By popular demand, #NeuroThursday will tackle last weekend's big psychological finding in the author world: this study that supposedly claims people read faster with 2 spaces after a period.…
The upshot is: some researchers got a group of people who naturally write with 1 space or 2 space, and made them read both kinds of text. The two-spacer people read a tiny bit faster when they saw 2-space text. But.
Now, there's an easy answer why this article is wrong. Let me start there and get it out of the way so I can then tell you something more subtle & interesting.
(But beware, this thread is not going where I originally thought it was. All this analysis led me to revise my originally-planned conclusion. Twists ahead!)
So, easy answer: as noted down low in the WaPo article, the researchers used Courier New. That's a fixed width font. But the whole point of single-space formatting is to take advantage of non-fixed-width spacing!
Single space between sentences lets the computer/font determine a good space width.
So: this research tells us that double spaces are good for typewriter fonts. Yawn. But follow me, dear NeuroFriends, and we can learn something more interesting from it…
I dug into the article itself. It only has one figure, and this is it. Higher = better (faster reading speed). The two clusters are person type (1-space or 2-space habit), the color is text spacing.
The second and fourth bars (in each cluster) are funny - the researchers decided to test two spaces after commas, too. It's a fun control, but it's not really what we're interested in.
In that figure, their conclusion seems clear. In the 2-space people (right cluster), reading 1 space (first bar) was slower than reading 2 spaces (third bar).
But "clear" is a funny thing in science. We need some techniques to tell anecdote from data, to tell discovery from chance. (Or try to.) Time for statistics, oh boy!
Nah just kidding, don't worry, I won't try to teach you any math here.
All you need to know is that standard statistics try to detect "significant" differences. That means we think the difference comes from some real change in the world, not just a chance byproduct of normal variation.
In the text, the authors examined 3 effects: the text's period spacing, the text's comma spacing, and the group's usage preference. And the only one of these with an effect of its own was comma spacing.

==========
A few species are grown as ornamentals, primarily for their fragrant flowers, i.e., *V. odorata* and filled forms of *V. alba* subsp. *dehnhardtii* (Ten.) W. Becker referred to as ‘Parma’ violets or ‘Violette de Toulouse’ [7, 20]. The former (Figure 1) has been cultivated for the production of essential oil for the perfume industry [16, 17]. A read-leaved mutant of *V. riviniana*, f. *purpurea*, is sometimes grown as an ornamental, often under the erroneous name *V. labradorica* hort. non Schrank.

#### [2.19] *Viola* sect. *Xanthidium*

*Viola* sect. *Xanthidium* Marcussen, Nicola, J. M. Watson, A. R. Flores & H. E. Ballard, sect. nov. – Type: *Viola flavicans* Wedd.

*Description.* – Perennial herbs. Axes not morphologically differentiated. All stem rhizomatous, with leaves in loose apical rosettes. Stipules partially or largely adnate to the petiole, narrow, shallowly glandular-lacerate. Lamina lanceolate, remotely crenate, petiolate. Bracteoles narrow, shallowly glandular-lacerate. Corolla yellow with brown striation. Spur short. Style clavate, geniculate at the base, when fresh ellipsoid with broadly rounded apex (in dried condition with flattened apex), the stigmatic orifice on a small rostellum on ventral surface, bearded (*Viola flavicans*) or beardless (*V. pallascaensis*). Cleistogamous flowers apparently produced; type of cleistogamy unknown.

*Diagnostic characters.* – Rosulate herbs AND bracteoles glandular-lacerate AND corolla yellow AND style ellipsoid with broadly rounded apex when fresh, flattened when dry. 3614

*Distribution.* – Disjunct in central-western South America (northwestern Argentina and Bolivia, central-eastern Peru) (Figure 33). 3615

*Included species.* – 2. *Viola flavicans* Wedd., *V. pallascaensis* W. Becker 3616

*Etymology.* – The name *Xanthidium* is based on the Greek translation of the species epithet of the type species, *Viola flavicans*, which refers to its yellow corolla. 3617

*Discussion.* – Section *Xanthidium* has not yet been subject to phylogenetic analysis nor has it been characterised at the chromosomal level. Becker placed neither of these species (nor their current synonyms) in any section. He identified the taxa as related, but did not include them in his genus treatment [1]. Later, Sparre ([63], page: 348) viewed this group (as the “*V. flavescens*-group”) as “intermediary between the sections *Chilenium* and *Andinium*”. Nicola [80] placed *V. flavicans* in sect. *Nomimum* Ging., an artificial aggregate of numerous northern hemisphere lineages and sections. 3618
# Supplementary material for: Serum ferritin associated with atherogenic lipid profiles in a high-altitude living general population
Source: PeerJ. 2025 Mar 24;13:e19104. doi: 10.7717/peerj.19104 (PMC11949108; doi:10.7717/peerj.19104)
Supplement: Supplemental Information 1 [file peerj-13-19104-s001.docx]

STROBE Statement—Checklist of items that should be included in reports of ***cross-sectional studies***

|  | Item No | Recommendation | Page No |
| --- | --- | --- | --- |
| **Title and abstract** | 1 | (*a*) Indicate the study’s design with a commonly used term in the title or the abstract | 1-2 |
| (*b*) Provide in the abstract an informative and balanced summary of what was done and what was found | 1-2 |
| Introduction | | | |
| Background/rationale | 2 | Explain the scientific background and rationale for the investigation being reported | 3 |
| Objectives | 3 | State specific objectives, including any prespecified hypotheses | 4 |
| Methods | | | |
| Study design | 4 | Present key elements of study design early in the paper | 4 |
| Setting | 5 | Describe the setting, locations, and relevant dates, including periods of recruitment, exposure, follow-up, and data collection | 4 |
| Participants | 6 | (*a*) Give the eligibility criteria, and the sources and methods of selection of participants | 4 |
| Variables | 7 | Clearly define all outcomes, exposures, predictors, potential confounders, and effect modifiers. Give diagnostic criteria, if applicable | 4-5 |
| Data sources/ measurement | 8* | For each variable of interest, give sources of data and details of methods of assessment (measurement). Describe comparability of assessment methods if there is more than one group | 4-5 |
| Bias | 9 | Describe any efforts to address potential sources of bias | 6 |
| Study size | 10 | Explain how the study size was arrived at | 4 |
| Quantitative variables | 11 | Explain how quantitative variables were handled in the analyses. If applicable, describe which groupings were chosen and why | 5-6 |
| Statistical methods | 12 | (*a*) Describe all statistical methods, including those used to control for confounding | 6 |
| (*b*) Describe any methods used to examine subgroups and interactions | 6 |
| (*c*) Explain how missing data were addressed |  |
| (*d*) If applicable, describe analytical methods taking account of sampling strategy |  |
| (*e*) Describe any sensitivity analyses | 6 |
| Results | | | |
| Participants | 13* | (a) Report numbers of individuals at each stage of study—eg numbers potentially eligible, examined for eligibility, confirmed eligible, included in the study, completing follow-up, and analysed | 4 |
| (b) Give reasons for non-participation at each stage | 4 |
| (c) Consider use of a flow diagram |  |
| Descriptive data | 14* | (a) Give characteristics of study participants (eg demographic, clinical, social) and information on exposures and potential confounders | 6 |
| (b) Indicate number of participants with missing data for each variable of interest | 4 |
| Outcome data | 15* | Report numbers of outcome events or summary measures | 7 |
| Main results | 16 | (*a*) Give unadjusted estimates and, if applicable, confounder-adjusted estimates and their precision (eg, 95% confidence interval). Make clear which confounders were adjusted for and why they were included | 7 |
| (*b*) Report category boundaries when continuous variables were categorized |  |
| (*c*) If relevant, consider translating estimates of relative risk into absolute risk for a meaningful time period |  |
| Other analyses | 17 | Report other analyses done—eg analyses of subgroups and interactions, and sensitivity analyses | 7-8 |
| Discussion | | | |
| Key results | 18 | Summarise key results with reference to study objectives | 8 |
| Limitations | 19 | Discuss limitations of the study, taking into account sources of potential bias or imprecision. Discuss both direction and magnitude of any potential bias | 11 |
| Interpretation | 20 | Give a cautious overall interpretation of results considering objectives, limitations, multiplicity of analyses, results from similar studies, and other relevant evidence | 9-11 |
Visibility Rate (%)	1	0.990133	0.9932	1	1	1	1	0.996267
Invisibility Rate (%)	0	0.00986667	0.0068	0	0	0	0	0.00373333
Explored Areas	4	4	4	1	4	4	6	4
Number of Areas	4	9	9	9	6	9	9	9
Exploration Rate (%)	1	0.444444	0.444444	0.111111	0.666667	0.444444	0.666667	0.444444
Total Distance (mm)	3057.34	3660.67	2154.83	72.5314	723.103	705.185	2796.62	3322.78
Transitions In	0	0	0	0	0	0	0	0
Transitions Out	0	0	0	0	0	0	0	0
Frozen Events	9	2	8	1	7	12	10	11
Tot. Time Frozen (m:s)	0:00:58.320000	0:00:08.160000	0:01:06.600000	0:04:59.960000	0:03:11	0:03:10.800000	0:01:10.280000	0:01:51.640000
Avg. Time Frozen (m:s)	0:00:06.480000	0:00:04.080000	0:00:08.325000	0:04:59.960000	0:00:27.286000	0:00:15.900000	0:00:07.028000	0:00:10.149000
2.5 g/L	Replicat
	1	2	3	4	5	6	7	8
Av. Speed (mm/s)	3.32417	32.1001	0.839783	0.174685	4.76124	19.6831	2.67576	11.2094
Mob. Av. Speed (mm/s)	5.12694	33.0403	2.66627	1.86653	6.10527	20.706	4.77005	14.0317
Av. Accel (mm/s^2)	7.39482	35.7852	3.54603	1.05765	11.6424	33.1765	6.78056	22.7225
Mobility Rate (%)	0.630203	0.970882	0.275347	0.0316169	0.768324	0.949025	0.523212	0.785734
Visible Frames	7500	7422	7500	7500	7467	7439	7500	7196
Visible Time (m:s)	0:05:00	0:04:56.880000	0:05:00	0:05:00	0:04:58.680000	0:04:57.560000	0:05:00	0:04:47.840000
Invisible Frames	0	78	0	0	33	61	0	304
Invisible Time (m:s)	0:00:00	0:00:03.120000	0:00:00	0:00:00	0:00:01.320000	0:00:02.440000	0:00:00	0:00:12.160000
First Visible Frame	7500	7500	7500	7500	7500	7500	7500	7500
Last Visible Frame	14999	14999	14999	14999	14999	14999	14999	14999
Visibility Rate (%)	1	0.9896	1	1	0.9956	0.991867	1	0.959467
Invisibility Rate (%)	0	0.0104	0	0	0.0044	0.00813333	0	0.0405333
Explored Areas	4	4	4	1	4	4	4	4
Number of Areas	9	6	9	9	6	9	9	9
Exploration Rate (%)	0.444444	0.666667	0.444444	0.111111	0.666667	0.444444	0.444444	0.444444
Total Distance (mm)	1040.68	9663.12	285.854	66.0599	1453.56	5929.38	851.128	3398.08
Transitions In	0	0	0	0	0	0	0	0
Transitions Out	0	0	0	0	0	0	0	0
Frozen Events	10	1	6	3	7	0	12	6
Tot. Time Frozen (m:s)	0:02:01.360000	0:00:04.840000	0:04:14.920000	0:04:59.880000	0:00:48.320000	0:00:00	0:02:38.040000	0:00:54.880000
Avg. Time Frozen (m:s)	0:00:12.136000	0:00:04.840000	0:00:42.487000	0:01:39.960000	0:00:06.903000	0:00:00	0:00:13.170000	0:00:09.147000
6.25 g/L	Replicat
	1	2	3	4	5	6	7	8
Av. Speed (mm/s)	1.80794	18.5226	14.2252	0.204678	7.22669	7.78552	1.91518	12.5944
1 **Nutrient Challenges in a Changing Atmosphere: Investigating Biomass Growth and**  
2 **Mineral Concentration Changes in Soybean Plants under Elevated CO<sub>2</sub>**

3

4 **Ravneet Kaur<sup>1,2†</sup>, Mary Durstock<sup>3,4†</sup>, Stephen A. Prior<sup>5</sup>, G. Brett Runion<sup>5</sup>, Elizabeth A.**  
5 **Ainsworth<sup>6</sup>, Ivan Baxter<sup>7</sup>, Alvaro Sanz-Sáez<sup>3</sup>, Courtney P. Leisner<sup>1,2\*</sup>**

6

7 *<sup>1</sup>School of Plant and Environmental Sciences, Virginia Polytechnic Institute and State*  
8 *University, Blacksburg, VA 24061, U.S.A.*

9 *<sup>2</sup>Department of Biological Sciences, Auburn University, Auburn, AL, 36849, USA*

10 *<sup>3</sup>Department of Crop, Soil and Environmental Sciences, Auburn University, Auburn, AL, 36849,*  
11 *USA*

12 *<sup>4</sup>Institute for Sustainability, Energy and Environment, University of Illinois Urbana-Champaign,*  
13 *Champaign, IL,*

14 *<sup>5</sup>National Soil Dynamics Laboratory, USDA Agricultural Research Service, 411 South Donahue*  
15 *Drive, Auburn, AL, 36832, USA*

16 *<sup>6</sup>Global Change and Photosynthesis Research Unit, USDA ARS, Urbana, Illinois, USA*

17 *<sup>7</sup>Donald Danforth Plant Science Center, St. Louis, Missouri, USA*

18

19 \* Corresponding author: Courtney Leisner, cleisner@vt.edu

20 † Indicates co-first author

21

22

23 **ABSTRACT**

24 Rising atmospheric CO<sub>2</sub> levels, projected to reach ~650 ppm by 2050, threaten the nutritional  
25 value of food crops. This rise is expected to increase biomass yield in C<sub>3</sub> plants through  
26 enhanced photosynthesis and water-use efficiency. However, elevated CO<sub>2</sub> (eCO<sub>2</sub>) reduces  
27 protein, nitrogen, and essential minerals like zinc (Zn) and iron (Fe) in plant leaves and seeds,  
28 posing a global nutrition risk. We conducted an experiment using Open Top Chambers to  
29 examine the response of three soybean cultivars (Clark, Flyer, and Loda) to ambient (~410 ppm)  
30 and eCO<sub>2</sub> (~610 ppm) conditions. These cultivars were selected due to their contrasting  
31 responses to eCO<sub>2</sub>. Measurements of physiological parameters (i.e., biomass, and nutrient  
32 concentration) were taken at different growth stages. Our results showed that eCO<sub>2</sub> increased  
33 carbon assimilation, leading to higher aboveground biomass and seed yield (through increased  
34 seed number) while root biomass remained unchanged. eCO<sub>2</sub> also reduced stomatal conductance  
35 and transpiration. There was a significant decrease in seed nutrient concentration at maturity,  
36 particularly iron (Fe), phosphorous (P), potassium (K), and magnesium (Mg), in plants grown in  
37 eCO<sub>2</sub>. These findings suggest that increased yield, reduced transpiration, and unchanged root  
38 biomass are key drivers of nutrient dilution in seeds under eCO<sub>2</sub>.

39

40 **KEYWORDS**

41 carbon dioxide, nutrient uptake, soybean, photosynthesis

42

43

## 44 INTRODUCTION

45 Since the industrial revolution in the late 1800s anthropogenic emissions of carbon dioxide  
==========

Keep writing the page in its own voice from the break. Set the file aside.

No surprise there! People hate reading with two spaces after commas. I will refrain from demonstrating, to avoid fisticuffs.
It's not a huge shock that the other two factors show no effect. Neither group is intrinsically faster at reading; neither spacing is intrinsically better. It only matters when you combine them both (i.e., spacing only matters to one group).
This is what we in the bizness call an "interaction effect." A & B don't have to do something alone, but they do together. Here's a nice toy example of an interaction effect between a drug (placebo vs 50mg dose) and sex (M/F) on pain.
Now, let's pretend to ignore one factor: sex. If you average male and female, just smoosh 'em together, those two left-side points average out to a single point around 20. Same goes for the right side.
Hey, 20 on both sides! That means if you ignore those sex differences, the amount of pain under one treatment (Placebo) is the same as the amount under the other treatment (50mg of ExampleDrug).
There's no direct effect of drug, but when you look at both together, there's obviously something going on. Interaction effect!
(Side note: the National Institutes of Health requires that scientists look at sex as a biological variable. This is good, since it's better than ignoring sex, e.g. testing only males. But it's also incomplete...
...Even if you try to focus only on "biological sex," reality is more complex than that. TBF that's kinda true for everything we study: we know we miss a lot of variation...
...We hope it all averages out across a big group. But also this is why we need to be careful about looking for statistical significance! When so much remains uncontrolled, as it always does in bio/medicine, natural variability is quite high.)
Now, where were we? Something about typing? Oh right! As I was saying, in our little study, the researchers found no direct effect of group or period-spacing.
(Note: "no effect of group" means that while the two clusters may look different – right cluster taller than left – this difference isn't strong enough to convince us it's real. Little differences like 10-20 WPM happen a lot just by chance.)
So what about interaction effects? Well, the authors found a significant three-way interaction. One that requires all three variables! The two-space writers did better when reading exactly what they write (1 space comma, 2 space period).
And this is where I apologize, because I had a different conclusion in mind for this thread. When I started, I thought: "Who cares about comma spacing? All we want to know is the two-way interaction between writing style & period spacing."